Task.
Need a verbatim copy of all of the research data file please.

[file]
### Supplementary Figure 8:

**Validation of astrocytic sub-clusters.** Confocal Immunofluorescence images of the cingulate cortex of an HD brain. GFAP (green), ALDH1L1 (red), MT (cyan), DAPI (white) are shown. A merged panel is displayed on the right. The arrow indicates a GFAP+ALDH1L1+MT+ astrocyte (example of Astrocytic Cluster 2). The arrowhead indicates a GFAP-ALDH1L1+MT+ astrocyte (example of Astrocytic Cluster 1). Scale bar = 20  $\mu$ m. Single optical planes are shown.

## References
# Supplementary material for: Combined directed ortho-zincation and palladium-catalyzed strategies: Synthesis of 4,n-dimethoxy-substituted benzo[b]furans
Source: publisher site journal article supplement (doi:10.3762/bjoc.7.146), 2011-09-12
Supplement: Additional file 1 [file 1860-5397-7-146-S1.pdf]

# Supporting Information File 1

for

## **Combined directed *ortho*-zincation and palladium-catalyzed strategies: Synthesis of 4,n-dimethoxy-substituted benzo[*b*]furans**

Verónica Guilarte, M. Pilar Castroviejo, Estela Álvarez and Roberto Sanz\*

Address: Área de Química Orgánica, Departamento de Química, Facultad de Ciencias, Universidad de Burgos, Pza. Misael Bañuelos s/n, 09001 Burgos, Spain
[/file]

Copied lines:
### Supplementary Figure 8:

**Validation of astrocytic sub-clusters.** Confocal Immunofluorescence images of the cingulate cortex of an HD brain. GFAP (green), ALDH1L1 (red), MT (cyan), DAPI (white) are shown. A merged panel is displayed on the right. The arrow indicates a GFAP+ALDH1L1+MT+ astrocyte (example of Astrocytic Cluster 2). The arrowhead indicates a GFAP-ALDH1L1+MT+ astrocyte (example of Astrocytic Cluster 1). Scale bar = 20  $\mu$ m. Single optical planes are shown.

## References
# Supplementary material for: Combined directed ortho-zincation and palladium-catalyzed strategies: Synthesis of 4,n-dimethoxy-substituted benzo[b]furans
Source: publisher site journal article supplement (doi:10.3762/bjoc.7.146), 2011-09-12
Supplement: Additional file 1 [file 1860-5397-7-146-S1.pdf]

# Supporting Information File 1

for

## **Combined directed *ortho*-zincation and palladium-catalyzed strategies: Synthesis of 4,n-dimethoxy-substituted benzo[*b*]furans**

Verónica Guilarte, M. Pilar Castroviejo, Estela Álvarez and Roberto Sanz\*

Address: Área de Química Orgánica, Departamento de Química, Facultad de Ciencias, Universidad de Burgos, Pza. Misael Bañuelos s/n, 09001 Burgos, Spain